CER species counts have changed in the last decade due to an influx of species who have expanded their habitat range as warming temperatures enable lowland animals to occupy higher elevations. Unfortunately, those already living in the highest elevations have nowhere higher to go, which can have undesired consequences for some of our most precious species. Take, for example, the Resplendent Quetzal – regarded by some as the most beautiful bird in the world. As the Toucan moves into the Quetzal’s nesting range, it feeds on Quetzal eggs, threatening the regal bird’s ability to reproduce.

Building Toucan-proof nesting boxes helps slow the problem and provide a safer reproductive environment, but animals like the Quetzal will ultimately need to adapt their behavior or risk significant population declines and possible elimination from the region if they are unable to do so.

Kids in Action

Laurie Preston 5th grader Laurie Preston recently gave an incredible gift of $250 to Friends of the Children’s Eternal Rainforest after conducting her own fundraiser on Crowdrise, an online fundraising site for charitable causes. Here’s what Laurie had to say about her experience:

“Do you like chocolate? Well I do, and cocoa beans come from the rainforest – along with hundreds of different animals, plants, and insects. I heard about the rainforest in second grade when we were studying about the rainforest and its animals. I wanted to help because people were destroying the rainforest. The best way I could help was to try to raise money for an organization that was helping save the rainforest. So, I went on the internet and found the website for Friends of the Children’s Eternal Rainforest. I looked on Guidestar to make sure they were a good nonprofit. Then I asked my dad about the best way I could raise money quickly. He told me about the online giving site called Crowdrise. I set my giving page up in about 10 minutes and asked my friends to give to FCER. They did and it made me feel really good. I even met the President of FCER, Mrs. Waller, and she showed me casts of footprints of animals that live in the rainforest.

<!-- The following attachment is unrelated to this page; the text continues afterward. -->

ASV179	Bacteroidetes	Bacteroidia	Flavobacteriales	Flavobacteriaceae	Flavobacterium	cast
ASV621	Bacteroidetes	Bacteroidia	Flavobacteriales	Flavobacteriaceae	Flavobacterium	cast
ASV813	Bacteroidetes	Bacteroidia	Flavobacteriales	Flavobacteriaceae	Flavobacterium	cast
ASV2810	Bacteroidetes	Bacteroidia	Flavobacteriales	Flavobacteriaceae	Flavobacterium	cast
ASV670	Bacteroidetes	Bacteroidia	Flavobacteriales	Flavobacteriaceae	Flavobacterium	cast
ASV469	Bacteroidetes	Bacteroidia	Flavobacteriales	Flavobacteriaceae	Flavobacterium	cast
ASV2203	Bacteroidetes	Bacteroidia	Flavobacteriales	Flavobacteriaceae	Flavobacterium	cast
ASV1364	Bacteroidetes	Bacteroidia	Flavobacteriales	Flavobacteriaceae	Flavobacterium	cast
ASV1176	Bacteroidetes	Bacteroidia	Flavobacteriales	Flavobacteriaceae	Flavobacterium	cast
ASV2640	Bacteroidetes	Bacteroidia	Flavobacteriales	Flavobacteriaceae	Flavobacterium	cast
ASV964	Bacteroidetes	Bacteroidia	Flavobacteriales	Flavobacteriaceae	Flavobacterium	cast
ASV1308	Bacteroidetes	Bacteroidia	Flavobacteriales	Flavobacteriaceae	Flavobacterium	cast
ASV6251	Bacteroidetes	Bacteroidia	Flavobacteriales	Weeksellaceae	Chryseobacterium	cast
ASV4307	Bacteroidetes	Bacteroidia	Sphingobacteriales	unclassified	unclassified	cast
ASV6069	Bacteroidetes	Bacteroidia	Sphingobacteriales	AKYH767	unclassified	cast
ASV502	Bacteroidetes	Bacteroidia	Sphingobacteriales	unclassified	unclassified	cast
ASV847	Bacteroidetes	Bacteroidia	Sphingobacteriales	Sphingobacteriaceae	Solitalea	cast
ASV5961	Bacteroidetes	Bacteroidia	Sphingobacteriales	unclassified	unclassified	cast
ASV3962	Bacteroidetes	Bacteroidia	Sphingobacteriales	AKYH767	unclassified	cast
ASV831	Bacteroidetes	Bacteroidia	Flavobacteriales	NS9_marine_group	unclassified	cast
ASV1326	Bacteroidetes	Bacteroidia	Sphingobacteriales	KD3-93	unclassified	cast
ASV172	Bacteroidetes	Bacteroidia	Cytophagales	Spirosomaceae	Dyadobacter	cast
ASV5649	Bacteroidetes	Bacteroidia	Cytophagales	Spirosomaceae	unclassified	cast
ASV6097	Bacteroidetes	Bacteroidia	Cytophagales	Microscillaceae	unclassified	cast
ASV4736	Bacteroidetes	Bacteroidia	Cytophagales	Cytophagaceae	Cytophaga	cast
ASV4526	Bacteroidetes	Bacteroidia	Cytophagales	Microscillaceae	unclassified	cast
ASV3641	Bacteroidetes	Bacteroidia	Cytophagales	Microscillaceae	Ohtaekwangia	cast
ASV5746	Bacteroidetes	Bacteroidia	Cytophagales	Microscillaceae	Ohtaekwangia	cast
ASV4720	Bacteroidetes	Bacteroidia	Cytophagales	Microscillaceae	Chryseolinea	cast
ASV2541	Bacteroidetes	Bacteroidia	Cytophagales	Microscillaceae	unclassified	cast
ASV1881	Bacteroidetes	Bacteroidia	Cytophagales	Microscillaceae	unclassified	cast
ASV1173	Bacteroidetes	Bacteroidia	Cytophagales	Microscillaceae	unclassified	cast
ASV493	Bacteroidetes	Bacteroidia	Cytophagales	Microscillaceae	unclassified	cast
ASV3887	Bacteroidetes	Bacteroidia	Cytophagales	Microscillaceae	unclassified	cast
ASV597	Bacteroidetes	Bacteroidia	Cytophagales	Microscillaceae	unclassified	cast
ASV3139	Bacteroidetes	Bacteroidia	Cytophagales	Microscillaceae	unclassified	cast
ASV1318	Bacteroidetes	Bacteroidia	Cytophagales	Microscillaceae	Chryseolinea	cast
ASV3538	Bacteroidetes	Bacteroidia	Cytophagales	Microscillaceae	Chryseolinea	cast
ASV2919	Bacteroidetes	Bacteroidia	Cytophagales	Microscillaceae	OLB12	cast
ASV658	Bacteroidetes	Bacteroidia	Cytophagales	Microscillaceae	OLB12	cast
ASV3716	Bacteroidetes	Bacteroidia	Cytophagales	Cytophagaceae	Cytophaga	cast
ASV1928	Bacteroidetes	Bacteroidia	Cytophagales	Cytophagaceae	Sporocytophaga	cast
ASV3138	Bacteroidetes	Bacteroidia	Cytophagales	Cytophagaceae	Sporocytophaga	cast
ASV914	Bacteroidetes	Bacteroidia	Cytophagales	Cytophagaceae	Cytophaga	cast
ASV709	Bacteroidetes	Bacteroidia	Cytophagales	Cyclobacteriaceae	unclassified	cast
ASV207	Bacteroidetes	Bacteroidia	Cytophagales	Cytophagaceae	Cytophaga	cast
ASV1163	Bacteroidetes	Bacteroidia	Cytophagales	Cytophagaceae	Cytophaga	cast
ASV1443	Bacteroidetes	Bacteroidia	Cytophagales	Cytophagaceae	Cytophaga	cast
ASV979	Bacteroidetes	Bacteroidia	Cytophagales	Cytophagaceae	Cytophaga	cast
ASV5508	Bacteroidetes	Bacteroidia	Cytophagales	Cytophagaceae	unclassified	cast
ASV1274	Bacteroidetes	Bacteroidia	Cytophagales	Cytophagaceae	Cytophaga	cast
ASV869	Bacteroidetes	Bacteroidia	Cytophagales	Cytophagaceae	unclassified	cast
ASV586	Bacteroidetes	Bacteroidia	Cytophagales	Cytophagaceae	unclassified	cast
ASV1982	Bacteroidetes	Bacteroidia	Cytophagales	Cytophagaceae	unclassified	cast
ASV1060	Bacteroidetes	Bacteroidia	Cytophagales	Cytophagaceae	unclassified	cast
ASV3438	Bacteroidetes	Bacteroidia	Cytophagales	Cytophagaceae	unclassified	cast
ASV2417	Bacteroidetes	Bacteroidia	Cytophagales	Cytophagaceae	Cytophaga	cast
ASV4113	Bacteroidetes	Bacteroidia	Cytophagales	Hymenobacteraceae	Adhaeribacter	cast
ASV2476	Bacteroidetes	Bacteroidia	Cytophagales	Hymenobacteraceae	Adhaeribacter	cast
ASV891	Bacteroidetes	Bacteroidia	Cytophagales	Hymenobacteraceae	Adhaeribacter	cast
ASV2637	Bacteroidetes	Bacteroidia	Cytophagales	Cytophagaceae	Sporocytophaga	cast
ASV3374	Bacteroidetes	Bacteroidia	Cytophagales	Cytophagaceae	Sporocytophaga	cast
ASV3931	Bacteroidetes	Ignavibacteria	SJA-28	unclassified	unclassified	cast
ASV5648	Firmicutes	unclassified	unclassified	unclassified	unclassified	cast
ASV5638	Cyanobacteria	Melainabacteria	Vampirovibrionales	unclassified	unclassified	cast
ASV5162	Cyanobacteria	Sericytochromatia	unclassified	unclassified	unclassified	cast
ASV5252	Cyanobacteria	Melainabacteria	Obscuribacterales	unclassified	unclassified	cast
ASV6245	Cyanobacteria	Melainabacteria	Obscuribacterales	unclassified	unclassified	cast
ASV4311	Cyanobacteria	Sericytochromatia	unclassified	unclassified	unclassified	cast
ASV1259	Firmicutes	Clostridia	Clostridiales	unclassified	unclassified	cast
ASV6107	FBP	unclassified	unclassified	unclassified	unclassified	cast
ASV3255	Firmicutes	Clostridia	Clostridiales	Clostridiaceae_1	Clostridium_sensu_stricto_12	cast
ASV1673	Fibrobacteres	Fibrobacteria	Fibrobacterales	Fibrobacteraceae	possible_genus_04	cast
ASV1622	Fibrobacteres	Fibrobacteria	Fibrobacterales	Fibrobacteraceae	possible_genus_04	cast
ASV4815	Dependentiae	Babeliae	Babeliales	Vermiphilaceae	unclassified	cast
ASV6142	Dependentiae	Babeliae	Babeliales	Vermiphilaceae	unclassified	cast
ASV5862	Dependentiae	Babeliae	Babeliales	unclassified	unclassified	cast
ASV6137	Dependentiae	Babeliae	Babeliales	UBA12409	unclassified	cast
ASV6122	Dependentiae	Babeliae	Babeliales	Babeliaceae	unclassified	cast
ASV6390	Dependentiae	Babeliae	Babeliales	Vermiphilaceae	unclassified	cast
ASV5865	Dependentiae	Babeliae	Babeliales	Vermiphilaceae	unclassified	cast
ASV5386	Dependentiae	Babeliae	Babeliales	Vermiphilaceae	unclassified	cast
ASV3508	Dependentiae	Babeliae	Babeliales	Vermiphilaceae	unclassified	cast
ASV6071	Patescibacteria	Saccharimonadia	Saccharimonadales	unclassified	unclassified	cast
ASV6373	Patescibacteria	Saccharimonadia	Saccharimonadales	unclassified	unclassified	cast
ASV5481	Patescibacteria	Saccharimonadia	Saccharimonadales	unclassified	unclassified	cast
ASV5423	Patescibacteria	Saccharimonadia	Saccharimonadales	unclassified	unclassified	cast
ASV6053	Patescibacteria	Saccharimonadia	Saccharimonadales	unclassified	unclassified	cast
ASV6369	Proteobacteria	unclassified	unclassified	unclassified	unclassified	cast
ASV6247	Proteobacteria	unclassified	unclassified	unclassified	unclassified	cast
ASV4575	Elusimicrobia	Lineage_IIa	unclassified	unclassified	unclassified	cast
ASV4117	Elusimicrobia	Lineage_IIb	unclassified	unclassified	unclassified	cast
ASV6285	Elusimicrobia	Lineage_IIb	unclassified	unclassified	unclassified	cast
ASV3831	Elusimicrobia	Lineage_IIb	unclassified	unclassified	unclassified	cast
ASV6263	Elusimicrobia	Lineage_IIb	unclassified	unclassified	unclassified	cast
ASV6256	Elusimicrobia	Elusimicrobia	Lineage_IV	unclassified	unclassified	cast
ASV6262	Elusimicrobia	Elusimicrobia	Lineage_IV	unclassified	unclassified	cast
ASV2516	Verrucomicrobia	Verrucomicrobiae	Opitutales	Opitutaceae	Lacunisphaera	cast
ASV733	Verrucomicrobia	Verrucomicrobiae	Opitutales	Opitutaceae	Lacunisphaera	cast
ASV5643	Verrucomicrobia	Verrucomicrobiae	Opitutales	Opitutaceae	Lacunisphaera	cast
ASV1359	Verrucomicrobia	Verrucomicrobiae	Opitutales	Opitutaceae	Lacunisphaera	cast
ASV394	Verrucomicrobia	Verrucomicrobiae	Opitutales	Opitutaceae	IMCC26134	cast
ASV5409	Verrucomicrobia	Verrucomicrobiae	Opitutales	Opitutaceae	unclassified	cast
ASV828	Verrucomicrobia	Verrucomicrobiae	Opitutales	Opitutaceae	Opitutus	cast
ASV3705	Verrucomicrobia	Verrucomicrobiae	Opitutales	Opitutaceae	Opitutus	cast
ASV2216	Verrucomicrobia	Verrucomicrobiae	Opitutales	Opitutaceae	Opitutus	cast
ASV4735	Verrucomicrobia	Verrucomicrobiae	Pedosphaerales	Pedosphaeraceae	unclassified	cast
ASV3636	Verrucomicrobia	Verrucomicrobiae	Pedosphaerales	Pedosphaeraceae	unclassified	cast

I’m really glad I helped the rainforest because it’s saving lots of animals that only live in the rainforest. Maybe I’ll visit the rainforest some day!”

Laurie Preston 5th Grade

Support the Children’s Eternal Rainforest

The Children’s Eternal Rainforest is being protected because of the thoughtful and generous support of people like you. Join the effort! You can:

  • Make a donation on our website at
  • Like our Facebook Page to stay current on forest news and conservation issues
  • Host an informational session or fundraiser
  • Talk to us about ways to involve your kids and friends in fundraising for the forest

Your contribution is tax deductible. We are a 501(c)(3) non- profit organization.

One thought on “Forest News & Field Notes: Winter 2013 Edition

  1. When I was at Monteverde, I was searching for the resplendent quetzal. I spent three days searching, and never found one. Finally, on my last day there, I looked up and saw one fluttering and plucking fruit off of a laurel tree. It did so in mid-flight, and never perched.